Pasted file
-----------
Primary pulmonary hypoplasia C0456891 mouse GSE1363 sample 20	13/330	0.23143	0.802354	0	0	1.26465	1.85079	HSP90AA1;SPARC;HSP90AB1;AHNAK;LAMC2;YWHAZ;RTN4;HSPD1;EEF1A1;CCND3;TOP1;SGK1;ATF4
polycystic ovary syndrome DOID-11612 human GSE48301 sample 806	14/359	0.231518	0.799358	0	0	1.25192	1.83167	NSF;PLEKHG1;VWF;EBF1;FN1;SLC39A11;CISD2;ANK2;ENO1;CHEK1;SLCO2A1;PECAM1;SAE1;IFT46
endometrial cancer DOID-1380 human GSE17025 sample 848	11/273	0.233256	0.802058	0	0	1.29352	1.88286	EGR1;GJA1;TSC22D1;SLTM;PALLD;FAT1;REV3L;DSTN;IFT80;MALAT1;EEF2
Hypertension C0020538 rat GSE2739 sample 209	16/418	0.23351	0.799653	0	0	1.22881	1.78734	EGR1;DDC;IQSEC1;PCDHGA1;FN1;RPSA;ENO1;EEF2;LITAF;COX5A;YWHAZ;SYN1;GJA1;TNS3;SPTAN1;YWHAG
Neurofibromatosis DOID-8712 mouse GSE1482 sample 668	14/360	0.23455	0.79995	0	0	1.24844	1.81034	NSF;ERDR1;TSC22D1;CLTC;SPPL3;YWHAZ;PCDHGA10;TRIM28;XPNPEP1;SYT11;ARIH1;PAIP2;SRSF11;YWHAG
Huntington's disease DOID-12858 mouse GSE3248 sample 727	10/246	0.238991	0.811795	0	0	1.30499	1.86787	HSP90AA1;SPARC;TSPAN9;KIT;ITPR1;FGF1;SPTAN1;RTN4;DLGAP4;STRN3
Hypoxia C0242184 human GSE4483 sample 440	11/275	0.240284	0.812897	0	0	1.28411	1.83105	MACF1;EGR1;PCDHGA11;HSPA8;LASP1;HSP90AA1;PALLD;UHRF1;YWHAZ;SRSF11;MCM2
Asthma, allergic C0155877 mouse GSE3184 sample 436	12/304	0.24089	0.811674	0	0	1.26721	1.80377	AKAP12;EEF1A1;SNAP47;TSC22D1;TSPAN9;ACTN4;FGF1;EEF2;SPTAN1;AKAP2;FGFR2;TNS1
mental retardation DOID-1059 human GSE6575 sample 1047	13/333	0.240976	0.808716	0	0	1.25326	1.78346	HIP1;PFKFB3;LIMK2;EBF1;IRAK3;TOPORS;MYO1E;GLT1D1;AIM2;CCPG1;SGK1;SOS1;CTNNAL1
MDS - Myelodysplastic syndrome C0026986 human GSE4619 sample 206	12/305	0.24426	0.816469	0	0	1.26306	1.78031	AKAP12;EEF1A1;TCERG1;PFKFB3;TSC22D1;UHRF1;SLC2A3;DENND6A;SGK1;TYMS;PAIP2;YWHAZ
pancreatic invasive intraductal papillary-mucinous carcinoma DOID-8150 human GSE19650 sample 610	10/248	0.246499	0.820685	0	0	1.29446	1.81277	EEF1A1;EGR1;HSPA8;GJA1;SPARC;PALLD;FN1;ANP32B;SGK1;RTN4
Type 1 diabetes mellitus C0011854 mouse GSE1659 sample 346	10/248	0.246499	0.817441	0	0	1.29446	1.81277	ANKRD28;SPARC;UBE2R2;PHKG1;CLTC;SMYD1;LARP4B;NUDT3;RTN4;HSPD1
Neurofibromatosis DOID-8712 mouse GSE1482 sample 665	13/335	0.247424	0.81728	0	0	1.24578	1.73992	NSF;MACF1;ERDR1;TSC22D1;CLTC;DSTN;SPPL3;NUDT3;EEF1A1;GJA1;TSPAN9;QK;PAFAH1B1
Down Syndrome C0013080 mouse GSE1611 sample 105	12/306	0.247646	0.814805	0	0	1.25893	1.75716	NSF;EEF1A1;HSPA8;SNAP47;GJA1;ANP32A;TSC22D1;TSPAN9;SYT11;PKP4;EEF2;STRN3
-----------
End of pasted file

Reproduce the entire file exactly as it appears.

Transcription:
Primary pulmonary hypoplasia C0456891 mouse GSE1363 sample 20	13/330	0.23143	0.802354	0	0	1.26465	1.85079	HSP90AA1;SPARC;HSP90AB1;AHNAK;LAMC2;YWHAZ;RTN4;HSPD1;EEF1A1;CCND3;TOP1;SGK1;ATF4
polycystic ovary syndrome DOID-11612 human GSE48301 sample 806	14/359	0.231518	0.799358	0	0	1.25192	1.83167	NSF;PLEKHG1;VWF;EBF1;FN1;SLC39A11;CISD2;ANK2;ENO1;CHEK1;SLCO2A1;PECAM1;SAE1;IFT46
endometrial cancer DOID-1380 human GSE17025 sample 848	11/273	0.233256	0.802058	0	0	1.29352	1.88286	EGR1;GJA1;TSC22D1;SLTM;PALLD;FAT1;REV3L;DSTN;IFT80;MALAT1;EEF2
Hypertension C0020538 rat GSE2739 sample 209	16/418	0.23351	0.799653	0	0	1.22881	1.78734	EGR1;DDC;IQSEC1;PCDHGA1;FN1;RPSA;ENO1;EEF2;LITAF;COX5A;YWHAZ;SYN1;GJA1;TNS3;SPTAN1;YWHAG
Neurofibromatosis DOID-8712 mouse GSE1482 sample 668	14/360	0.23455	0.79995	0	0	1.24844	1.81034	NSF;ERDR1;TSC22D1;CLTC;SPPL3;YWHAZ;PCDHGA10;TRIM28;XPNPEP1;SYT11;ARIH1;PAIP2;SRSF11;YWHAG
Huntington's disease DOID-12858 mouse GSE3248 sample 727	10/246	0.238991	0.811795	0	0	1.30499	1.86787	HSP90AA1;SPARC;TSPAN9;KIT;ITPR1;FGF1;SPTAN1;RTN4;DLGAP4;STRN3
Hypoxia C0242184 human GSE4483 sample 440	11/275	0.240284	0.812897	0	0	1.28411	1.83105	MACF1;EGR1;PCDHGA11;HSPA8;LASP1;HSP90AA1;PALLD;UHRF1;YWHAZ;SRSF11;MCM2
Asthma, allergic C0155877 mouse GSE3184 sample 436	12/304	0.24089	0.811674	0	0	1.26721	1.80377	AKAP12;EEF1A1;SNAP47;TSC22D1;TSPAN9;ACTN4;FGF1;EEF2;SPTAN1;AKAP2;FGFR2;TNS1
mental retardation DOID-1059 human GSE6575 sample 1047	13/333	0.240976	0.808716	0	0	1.25326	1.78346	HIP1;PFKFB3;LIMK2;EBF1;IRAK3;TOPORS;MYO1E;GLT1D1;AIM2;CCPG1;SGK1;SOS1;CTNNAL1
MDS - Myelodysplastic syndrome C0026986 human GSE4619 sample 206	12/305	0.24426	0.816469	0	0	1.26306	1.78031	AKAP12;EEF1A1;TCERG1;PFKFB3;TSC22D1;UHRF1;SLC2A3;DENND6A;SGK1;TYMS;PAIP2;YWHAZ
pancreatic invasive intraductal papillary-mucinous carcinoma DOID-8150 human GSE19650 sample 610	10/248	0.246499	0.820685	0	0	1.29446	1.81277	EEF1A1;EGR1;HSPA8;GJA1;SPARC;PALLD;FN1;ANP32B;SGK1;RTN4
Type 1 diabetes mellitus C0011854 mouse GSE1659 sample 346	10/248	0.246499	0.817441	0	0	1.29446	1.81277	ANKRD28;SPARC;UBE2R2;PHKG1;CLTC;SMYD1;LARP4B;NUDT3;RTN4;HSPD1
Neurofibromatosis DOID-8712 mouse GSE1482 sample 665	13/335	0.247424	0.81728	0	0	1.24578	1.73992	NSF;MACF1;ERDR1;TSC22D1;CLTC;DSTN;SPPL3;NUDT3;EEF1A1;GJA1;TSPAN9;QK;PAFAH1B1
Down Syndrome C0013080 mouse GSE1611 sample 105	12/306	0.247646	0.814805	0	0	1.25893	1.75716	NSF;EEF1A1;HSPA8;SNAP47;GJA1;ANP32A;TSC22D1;TSPAN9;SYT11;PKP4;EEF2;STRN3